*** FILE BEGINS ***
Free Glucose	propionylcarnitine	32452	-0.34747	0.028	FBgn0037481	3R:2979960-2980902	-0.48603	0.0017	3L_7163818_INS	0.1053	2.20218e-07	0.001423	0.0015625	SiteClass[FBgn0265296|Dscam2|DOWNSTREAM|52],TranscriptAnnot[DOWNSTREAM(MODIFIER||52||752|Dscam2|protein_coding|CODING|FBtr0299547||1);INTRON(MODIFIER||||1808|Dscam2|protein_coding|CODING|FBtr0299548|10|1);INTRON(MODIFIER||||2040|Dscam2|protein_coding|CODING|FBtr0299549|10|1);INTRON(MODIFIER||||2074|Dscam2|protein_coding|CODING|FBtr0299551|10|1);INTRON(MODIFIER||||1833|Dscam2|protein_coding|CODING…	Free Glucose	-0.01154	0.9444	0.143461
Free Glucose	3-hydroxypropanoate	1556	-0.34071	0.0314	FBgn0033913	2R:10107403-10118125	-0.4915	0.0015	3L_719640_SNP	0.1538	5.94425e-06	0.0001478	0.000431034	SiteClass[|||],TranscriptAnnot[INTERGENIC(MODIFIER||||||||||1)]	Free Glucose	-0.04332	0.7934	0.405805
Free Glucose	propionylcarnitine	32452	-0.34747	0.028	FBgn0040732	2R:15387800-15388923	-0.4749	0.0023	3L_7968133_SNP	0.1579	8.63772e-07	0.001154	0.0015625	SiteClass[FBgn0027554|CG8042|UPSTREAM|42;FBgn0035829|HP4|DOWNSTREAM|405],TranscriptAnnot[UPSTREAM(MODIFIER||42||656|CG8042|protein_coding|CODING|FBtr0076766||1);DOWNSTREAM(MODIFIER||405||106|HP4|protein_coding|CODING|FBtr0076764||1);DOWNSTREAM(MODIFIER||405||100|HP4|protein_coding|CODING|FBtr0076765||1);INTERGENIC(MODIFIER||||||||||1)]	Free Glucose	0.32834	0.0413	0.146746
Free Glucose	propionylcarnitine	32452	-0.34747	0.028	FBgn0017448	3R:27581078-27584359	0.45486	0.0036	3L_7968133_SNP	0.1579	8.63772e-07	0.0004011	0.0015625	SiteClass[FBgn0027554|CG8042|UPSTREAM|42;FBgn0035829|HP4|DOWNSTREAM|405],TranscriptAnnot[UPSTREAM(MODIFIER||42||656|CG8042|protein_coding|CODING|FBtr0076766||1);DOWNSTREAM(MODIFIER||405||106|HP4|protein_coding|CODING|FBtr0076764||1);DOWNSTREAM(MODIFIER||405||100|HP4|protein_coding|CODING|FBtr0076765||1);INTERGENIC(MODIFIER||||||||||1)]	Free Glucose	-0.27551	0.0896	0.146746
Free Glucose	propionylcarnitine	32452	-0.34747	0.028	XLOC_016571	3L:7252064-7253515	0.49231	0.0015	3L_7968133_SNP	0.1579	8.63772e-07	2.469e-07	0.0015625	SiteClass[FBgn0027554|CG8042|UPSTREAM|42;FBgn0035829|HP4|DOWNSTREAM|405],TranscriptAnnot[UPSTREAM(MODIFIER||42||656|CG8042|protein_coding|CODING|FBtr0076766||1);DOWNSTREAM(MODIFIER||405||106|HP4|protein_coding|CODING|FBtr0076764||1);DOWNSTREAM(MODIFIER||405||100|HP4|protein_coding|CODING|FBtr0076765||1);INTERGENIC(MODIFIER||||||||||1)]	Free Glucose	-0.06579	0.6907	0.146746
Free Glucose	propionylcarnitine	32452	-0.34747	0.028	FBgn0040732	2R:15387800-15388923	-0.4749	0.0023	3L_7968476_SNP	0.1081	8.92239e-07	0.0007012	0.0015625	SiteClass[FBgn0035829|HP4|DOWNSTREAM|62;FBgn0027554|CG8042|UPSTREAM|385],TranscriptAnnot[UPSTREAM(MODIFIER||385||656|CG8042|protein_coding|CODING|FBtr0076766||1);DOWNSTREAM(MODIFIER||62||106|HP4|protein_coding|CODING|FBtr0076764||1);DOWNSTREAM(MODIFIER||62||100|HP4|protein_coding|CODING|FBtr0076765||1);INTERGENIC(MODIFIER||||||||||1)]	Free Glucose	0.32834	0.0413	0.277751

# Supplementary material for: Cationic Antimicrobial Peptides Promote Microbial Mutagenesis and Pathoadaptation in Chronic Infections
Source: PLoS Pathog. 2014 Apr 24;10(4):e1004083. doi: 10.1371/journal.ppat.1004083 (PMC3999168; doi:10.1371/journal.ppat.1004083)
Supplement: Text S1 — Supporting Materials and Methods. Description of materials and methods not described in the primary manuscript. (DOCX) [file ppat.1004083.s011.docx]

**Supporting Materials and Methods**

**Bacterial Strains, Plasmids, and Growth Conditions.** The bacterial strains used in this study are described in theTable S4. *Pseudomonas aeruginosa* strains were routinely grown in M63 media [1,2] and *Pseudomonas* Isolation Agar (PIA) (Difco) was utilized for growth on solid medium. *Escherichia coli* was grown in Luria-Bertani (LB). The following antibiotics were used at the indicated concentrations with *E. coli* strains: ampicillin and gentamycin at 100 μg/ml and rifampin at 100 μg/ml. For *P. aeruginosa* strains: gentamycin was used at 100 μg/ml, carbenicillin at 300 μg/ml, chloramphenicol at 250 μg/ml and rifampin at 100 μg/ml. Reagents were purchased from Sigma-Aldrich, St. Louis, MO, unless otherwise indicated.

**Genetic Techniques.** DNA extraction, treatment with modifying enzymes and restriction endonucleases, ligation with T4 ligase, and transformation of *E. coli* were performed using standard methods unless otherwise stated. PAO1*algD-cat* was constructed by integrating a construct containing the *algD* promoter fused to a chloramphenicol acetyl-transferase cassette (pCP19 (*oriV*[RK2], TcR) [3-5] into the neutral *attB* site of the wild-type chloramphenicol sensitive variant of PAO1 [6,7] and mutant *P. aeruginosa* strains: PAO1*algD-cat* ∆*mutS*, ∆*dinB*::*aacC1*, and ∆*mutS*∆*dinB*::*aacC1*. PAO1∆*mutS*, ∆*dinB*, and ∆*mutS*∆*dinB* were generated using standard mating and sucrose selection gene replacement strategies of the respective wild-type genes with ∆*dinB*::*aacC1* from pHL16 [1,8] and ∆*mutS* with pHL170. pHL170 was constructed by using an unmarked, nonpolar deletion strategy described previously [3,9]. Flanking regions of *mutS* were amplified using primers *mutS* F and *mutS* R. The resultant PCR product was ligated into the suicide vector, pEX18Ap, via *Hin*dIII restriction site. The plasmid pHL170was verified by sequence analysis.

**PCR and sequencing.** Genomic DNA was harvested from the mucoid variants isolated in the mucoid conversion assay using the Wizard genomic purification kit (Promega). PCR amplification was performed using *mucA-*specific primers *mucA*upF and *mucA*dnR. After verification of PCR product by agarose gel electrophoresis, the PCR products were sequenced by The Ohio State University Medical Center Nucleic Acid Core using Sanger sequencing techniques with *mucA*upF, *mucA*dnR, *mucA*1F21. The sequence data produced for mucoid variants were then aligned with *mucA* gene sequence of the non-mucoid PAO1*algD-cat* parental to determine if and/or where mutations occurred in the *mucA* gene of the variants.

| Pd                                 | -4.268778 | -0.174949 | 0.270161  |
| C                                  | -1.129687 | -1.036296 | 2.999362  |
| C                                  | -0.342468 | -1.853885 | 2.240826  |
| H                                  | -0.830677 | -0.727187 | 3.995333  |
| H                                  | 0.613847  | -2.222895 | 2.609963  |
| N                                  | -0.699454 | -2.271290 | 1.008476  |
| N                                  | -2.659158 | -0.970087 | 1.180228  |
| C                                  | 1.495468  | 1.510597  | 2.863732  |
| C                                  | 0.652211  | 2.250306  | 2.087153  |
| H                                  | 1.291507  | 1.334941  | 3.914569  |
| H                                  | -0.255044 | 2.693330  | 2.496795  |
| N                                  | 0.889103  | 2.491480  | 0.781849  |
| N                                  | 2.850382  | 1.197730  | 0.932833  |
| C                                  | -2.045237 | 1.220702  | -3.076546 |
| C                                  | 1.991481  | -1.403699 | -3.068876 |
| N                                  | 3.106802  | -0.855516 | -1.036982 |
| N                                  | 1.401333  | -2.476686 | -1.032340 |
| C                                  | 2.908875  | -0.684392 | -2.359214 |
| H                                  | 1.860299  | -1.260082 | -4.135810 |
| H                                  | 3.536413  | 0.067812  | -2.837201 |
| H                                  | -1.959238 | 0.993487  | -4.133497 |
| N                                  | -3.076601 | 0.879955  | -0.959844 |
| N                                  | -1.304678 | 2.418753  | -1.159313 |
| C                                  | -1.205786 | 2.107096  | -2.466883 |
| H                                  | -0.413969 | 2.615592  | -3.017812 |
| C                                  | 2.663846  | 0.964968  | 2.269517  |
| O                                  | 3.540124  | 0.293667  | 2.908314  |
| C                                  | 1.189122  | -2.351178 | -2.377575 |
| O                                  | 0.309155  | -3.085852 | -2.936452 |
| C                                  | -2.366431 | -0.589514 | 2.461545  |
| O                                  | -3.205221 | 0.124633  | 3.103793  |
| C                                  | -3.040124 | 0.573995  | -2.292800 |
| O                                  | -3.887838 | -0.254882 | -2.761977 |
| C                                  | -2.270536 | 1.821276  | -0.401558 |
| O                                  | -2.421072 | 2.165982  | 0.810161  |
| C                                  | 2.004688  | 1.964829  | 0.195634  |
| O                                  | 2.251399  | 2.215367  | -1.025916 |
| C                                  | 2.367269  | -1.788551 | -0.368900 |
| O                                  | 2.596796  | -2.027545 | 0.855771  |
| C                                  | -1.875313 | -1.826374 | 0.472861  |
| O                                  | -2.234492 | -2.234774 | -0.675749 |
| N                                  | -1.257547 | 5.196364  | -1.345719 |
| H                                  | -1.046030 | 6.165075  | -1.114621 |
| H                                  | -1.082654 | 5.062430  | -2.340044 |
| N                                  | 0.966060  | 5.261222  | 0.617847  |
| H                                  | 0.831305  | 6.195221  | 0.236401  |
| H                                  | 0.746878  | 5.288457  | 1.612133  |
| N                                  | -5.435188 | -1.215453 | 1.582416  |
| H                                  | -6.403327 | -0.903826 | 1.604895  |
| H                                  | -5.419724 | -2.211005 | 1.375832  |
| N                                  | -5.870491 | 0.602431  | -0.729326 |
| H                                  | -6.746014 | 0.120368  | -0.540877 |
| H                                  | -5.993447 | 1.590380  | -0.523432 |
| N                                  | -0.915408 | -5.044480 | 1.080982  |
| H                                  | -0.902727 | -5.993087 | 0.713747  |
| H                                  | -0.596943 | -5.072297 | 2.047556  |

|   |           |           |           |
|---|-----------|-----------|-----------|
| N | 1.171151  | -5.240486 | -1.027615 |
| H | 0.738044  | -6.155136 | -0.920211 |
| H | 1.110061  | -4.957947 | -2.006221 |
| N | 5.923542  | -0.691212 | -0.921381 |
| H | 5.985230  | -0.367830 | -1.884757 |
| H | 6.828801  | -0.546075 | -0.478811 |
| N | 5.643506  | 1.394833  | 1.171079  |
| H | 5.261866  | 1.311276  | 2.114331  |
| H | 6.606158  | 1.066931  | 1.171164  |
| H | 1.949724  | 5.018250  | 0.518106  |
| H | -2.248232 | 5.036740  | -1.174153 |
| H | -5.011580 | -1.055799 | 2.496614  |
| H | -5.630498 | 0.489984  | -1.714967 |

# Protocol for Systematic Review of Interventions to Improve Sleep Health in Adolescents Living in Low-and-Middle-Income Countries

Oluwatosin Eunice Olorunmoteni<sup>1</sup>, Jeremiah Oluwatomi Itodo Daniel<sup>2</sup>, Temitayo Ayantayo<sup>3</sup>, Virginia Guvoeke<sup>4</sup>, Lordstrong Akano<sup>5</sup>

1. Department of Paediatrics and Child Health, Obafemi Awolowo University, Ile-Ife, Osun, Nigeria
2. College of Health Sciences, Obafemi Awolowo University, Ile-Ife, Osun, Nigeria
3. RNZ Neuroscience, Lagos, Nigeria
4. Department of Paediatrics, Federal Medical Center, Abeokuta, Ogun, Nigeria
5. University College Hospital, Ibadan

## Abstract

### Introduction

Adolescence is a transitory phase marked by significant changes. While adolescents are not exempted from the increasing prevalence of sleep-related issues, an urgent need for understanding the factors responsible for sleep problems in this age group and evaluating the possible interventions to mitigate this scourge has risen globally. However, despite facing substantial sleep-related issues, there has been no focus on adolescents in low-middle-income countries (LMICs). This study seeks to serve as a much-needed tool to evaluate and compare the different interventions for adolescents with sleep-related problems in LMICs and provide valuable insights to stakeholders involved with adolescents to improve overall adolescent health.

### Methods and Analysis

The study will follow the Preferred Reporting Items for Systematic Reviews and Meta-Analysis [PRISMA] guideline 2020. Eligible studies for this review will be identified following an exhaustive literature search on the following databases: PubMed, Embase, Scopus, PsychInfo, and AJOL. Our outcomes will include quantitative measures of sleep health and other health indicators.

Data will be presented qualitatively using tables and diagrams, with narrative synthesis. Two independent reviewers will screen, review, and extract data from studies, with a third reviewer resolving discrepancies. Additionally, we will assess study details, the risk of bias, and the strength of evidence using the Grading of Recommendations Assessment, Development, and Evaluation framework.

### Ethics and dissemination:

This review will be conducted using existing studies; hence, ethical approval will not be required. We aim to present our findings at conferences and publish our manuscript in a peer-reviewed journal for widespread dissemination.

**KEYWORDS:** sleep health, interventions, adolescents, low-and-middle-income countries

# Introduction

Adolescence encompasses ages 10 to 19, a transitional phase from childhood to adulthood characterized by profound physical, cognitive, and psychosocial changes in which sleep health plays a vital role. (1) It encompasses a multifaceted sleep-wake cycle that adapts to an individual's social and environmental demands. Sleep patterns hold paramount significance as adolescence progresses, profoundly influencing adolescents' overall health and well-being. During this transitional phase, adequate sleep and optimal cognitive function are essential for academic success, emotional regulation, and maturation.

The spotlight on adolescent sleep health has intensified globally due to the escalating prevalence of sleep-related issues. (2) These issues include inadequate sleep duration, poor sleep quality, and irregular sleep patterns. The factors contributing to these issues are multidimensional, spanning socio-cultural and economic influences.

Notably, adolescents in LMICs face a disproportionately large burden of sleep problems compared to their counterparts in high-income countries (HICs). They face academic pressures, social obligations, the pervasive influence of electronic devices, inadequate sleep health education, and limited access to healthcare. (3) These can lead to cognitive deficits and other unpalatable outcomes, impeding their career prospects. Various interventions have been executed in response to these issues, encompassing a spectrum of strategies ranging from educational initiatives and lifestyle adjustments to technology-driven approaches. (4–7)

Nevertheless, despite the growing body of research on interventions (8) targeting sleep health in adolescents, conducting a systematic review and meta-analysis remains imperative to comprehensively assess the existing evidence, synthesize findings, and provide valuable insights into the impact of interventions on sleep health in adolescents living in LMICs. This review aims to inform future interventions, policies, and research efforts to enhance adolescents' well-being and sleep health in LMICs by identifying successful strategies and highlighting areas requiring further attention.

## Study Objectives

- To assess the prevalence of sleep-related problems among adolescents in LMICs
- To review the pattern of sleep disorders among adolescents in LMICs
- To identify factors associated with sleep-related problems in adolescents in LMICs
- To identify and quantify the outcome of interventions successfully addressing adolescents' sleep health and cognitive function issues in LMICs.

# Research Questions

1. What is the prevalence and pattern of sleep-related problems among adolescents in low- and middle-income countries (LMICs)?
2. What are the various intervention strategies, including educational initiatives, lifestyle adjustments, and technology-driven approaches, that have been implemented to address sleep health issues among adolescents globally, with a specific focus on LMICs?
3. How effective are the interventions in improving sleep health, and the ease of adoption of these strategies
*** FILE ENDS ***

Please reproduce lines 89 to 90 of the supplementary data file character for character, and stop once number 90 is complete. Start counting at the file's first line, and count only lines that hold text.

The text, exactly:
3. RNZ Neuroscience, Lagos, Nigeria
4. Department of Paediatrics, Federal Medical Center, Abeokuta, Ogun, Nigeria